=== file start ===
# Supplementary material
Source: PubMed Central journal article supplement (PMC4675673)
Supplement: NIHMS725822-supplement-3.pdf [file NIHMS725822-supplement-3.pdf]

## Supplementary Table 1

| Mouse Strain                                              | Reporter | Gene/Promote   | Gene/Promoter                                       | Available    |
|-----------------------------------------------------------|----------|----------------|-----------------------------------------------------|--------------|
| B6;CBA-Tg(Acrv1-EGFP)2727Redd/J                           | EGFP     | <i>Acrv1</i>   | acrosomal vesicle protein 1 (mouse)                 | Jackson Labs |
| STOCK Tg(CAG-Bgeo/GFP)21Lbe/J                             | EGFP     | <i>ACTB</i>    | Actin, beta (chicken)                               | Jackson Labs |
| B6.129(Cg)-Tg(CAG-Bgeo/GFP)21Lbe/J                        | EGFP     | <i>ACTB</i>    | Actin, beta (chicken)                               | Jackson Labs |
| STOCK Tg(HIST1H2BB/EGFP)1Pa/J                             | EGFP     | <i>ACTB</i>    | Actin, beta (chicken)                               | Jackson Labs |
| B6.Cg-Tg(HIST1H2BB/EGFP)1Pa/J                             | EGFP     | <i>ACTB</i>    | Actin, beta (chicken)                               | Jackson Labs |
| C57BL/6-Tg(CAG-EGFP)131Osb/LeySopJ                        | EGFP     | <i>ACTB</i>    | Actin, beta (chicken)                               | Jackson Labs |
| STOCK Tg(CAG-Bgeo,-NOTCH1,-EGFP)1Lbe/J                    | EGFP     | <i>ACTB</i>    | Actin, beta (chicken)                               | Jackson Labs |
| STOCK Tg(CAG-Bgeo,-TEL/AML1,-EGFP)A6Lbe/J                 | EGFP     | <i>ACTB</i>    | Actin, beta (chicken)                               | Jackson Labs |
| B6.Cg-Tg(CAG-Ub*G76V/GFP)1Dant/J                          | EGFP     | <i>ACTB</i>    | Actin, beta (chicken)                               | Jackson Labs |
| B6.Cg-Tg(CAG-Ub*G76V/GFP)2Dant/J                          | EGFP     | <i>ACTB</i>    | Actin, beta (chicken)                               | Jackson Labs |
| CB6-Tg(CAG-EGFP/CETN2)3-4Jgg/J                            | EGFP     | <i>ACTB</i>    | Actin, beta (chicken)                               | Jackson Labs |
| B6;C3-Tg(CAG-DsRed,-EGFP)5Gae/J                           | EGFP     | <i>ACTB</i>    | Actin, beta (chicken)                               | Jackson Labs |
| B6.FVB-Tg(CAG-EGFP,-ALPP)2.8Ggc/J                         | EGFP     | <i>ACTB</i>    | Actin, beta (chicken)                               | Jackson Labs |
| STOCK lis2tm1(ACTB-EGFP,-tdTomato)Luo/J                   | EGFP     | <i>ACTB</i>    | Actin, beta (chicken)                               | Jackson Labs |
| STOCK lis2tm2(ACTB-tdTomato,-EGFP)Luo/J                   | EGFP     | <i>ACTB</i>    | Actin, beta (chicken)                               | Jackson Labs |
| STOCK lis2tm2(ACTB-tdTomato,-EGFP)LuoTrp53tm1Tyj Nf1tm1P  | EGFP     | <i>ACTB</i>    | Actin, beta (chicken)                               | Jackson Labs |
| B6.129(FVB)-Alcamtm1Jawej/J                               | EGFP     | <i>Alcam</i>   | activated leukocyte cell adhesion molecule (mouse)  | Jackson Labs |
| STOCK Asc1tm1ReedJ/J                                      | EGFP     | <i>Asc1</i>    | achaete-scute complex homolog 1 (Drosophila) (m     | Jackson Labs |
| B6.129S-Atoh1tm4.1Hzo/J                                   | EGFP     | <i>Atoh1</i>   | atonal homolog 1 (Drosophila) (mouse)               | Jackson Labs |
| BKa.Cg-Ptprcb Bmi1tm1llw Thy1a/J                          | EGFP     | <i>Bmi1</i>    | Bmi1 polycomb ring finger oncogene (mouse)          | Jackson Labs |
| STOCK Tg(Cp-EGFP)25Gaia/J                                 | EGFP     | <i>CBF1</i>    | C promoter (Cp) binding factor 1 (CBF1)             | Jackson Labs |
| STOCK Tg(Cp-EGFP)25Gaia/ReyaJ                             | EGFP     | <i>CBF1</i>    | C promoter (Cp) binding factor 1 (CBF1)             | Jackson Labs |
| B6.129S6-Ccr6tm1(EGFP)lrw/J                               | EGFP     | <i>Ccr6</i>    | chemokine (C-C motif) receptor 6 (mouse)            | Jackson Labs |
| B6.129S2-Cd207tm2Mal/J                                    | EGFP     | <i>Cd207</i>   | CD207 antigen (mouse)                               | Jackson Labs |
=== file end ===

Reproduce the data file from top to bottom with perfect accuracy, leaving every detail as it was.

# Supplementary material
Source: PubMed Central journal article supplement (PMC4675673)
Supplement: NIHMS725822-supplement-3.pdf [file NIHMS725822-supplement-3.pdf]

## Supplementary Table 1

| Mouse Strain                                              | Reporter | Gene/Promote   | Gene/Promoter                                       | Available    |
|-----------------------------------------------------------|----------|----------------|-----------------------------------------------------|--------------|
| B6;CBA-Tg(Acrv1-EGFP)2727Redd/J                           | EGFP     | <i>Acrv1</i>   | acrosomal vesicle protein 1 (mouse)                 | Jackson Labs |
| STOCK Tg(CAG-Bgeo/GFP)21Lbe/J                             | EGFP     | <i>ACTB</i>    | Actin, beta (chicken)                               | Jackson Labs |
| B6.129(Cg)-Tg(CAG-Bgeo/GFP)21Lbe/J                        | EGFP     | <i>ACTB</i>    | Actin, beta (chicken)                               | Jackson Labs |
| STOCK Tg(HIST1H2BB/EGFP)1Pa/J                             | EGFP     | <i>ACTB</i>    | Actin, beta (chicken)                               | Jackson Labs |
| B6.Cg-Tg(HIST1H2BB/EGFP)1Pa/J                             | EGFP     | <i>ACTB</i>    | Actin, beta (chicken)                               | Jackson Labs |
| C57BL/6-Tg(CAG-EGFP)131Osb/LeySopJ                        | EGFP     | <i>ACTB</i>    | Actin, beta (chicken)                               | Jackson Labs |
| STOCK Tg(CAG-Bgeo,-NOTCH1,-EGFP)1Lbe/J                    | EGFP     | <i>ACTB</i>    | Actin, beta (chicken)                               | Jackson Labs |
| STOCK Tg(CAG-Bgeo,-TEL/AML1,-EGFP)A6Lbe/J                 | EGFP     | <i>ACTB</i>    | Actin, beta (chicken)                               | Jackson Labs |
| B6.Cg-Tg(CAG-Ub*G76V/GFP)1Dant/J                          | EGFP     | <i>ACTB</i>    | Actin, beta (chicken)                               | Jackson Labs |
| B6.Cg-Tg(CAG-Ub*G76V/GFP)2Dant/J                          | EGFP     | <i>ACTB</i>    | Actin, beta (chicken)                               | Jackson Labs |
| CB6-Tg(CAG-EGFP/CETN2)3-4Jgg/J                            | EGFP     | <i>ACTB</i>    | Actin, beta (chicken)                               | Jackson Labs |
| B6;C3-Tg(CAG-DsRed,-EGFP)5Gae/J                           | EGFP     | <i>ACTB</i>    | Actin, beta (chicken)                               | Jackson Labs |
| B6.FVB-Tg(CAG-EGFP,-ALPP)2.8Ggc/J                         | EGFP     | <i>ACTB</i>    | Actin, beta (chicken)                               | Jackson Labs |
| STOCK lis2tm1(ACTB-EGFP,-tdTomato)Luo/J                   | EGFP     | <i>ACTB</i>    | Actin, beta (chicken)                               | Jackson Labs |
| STOCK lis2tm2(ACTB-tdTomato,-EGFP)Luo/J                   | EGFP     | <i>ACTB</i>    | Actin, beta (chicken)                               | Jackson Labs |
| STOCK lis2tm2(ACTB-tdTomato,-EGFP)LuoTrp53tm1Tyj Nf1tm1P  | EGFP     | <i>ACTB</i>    | Actin, beta (chicken)                               | Jackson Labs |
| B6.129(FVB)-Alcamtm1Jawej/J                               | EGFP     | <i>Alcam</i>   | activated leukocyte cell adhesion molecule (mouse)  | Jackson Labs |
| STOCK Asc1tm1ReedJ/J                                      | EGFP     | <i>Asc1</i>    | achaete-scute complex homolog 1 (Drosophila) (m     | Jackson Labs |
| B6.129S-Atoh1tm4.1Hzo/J                                   | EGFP     | <i>Atoh1</i>   | atonal homolog 1 (Drosophila) (mouse)               | Jackson Labs |
| BKa.Cg-Ptprcb Bmi1tm1llw Thy1a/J                          | EGFP     | <i>Bmi1</i>    | Bmi1 polycomb ring finger oncogene (mouse)          | Jackson Labs |
| STOCK Tg(Cp-EGFP)25Gaia/J                                 | EGFP     | <i>CBF1</i>    | C promoter (Cp) binding factor 1 (CBF1)             | Jackson Labs |
| STOCK Tg(Cp-EGFP)25Gaia/ReyaJ                             | EGFP     | <i>CBF1</i>    | C promoter (Cp) binding factor 1 (CBF1)             | Jackson Labs |
| B6.129S6-Ccr6tm1(EGFP)lrw/J                               | EGFP     | <i>Ccr6</i>    | chemokine (C-C motif) receptor 6 (mouse)            | Jackson Labs |
| B6.129S2-Cd207tm2Mal/J                                    | EGFP     | <i>Cd207</i>   | CD207 antigen (mouse)                               | Jackson Labs |